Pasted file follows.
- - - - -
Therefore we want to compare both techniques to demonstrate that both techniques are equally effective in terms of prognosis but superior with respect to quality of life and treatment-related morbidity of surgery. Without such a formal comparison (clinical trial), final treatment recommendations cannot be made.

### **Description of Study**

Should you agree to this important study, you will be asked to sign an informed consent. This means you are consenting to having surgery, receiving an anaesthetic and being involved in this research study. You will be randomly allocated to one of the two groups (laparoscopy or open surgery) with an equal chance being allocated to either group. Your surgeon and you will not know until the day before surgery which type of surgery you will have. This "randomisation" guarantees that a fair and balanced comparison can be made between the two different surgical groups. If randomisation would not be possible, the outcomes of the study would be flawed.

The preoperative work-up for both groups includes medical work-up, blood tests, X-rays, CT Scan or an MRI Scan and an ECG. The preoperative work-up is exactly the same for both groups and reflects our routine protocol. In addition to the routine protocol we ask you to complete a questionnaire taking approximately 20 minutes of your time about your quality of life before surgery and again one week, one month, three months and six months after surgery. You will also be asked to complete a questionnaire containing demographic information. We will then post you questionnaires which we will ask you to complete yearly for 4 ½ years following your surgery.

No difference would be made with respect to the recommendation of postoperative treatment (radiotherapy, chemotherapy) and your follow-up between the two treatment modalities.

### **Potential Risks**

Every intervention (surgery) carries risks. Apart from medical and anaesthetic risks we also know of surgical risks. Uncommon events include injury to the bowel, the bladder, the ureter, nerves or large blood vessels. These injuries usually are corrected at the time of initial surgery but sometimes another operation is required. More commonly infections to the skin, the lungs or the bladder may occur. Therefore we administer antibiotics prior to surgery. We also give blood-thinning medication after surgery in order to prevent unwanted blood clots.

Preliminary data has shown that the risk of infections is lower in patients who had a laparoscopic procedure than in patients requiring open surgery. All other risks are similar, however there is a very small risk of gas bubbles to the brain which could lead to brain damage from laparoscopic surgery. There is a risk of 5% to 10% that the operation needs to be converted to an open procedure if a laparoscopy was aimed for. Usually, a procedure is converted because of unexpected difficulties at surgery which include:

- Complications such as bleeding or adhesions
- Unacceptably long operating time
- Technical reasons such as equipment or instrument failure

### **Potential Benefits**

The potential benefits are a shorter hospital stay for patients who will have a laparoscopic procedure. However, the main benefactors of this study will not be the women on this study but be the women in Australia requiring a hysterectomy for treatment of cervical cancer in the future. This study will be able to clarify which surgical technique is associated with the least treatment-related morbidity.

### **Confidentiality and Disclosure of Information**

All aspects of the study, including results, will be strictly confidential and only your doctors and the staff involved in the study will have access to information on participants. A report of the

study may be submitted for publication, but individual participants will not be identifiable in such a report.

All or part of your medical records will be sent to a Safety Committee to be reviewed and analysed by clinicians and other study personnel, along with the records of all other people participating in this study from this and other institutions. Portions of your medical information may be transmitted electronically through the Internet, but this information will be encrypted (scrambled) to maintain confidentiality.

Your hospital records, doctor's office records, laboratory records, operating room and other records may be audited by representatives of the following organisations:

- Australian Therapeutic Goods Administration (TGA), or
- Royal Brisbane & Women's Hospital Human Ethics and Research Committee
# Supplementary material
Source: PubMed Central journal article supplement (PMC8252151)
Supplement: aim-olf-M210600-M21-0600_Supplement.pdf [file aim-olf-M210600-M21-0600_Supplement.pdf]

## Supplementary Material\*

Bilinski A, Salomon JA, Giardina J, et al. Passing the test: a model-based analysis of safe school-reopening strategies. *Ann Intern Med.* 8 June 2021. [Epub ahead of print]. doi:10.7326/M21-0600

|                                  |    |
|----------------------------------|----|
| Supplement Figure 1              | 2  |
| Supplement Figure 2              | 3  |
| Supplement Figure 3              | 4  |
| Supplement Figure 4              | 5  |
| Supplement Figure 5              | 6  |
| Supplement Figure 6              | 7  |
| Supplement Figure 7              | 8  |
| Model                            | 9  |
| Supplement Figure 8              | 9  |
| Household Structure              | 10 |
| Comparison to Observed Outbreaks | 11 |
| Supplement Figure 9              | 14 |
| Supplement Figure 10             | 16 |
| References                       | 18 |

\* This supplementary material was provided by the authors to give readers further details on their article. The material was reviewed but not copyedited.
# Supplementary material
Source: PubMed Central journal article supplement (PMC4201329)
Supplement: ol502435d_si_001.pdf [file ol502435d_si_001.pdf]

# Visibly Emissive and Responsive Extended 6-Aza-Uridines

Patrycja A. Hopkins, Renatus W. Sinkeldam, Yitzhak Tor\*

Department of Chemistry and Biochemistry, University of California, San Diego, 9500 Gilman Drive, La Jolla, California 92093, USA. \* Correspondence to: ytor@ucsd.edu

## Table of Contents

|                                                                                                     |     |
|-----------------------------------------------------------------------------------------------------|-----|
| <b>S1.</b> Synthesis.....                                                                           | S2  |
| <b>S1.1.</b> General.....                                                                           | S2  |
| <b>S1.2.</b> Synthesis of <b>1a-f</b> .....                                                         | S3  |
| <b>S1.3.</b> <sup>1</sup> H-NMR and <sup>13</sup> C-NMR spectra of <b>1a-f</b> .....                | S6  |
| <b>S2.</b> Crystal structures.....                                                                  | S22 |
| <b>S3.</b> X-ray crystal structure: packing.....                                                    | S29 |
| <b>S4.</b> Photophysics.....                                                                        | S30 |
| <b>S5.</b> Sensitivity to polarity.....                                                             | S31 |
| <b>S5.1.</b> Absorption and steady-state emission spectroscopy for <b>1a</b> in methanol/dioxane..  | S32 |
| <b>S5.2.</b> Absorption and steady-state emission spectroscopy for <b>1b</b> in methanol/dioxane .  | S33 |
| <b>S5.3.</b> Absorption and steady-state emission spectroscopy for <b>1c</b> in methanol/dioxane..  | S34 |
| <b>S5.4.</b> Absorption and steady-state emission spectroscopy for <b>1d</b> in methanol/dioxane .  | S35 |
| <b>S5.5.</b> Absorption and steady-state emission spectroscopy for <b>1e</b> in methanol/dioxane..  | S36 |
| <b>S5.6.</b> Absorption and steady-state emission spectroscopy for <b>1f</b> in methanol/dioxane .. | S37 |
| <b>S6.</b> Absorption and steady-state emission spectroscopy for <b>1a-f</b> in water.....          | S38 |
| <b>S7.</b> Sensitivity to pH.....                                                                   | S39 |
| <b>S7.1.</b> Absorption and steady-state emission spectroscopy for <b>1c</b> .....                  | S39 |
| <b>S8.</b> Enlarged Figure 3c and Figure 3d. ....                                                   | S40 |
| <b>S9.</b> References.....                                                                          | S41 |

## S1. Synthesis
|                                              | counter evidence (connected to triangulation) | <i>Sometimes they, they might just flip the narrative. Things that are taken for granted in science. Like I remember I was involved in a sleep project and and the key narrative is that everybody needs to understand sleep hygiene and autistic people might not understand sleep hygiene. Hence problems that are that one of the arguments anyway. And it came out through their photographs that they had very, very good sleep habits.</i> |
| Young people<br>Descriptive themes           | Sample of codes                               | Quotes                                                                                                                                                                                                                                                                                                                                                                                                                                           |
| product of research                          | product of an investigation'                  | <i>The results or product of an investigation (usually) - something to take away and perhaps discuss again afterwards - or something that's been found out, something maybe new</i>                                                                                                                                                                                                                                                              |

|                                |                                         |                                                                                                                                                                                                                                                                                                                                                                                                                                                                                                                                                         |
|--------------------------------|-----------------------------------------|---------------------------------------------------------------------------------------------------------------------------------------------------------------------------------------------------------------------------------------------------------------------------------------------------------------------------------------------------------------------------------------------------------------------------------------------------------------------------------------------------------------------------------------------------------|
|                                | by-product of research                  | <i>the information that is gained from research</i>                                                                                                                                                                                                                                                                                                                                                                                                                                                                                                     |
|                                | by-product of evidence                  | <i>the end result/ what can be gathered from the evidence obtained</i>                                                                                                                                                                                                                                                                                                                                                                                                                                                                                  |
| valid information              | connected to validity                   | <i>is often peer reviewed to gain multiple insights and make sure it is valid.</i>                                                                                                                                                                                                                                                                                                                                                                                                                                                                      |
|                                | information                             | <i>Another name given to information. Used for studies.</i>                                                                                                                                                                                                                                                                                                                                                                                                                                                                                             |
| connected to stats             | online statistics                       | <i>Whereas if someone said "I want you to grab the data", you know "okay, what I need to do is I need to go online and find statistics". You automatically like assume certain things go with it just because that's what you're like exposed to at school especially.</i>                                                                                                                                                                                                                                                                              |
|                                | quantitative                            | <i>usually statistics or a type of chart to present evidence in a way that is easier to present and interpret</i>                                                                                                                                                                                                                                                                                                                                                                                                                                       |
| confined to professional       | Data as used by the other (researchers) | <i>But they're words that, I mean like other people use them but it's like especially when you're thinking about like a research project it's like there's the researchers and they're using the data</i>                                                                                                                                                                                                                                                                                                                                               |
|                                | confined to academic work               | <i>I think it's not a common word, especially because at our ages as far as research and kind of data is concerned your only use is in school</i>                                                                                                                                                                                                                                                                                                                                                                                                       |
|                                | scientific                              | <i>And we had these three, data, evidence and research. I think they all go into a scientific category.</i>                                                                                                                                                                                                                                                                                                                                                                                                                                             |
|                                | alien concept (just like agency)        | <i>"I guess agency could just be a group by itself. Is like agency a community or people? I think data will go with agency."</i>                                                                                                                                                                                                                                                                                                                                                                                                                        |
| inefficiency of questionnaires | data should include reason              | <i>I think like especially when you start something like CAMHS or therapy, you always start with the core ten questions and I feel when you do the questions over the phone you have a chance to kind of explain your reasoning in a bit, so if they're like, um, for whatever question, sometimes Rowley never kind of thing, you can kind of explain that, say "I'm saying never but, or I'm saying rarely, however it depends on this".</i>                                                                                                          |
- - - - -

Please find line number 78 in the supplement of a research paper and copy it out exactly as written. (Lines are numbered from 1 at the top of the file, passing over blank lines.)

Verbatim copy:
|                                | by-product of evidence                  | <i>the end result/ what can be gathered from the evidence obtained</i>                                                                                                                                                                                                                                                                                                                                                                                                                                                                                  |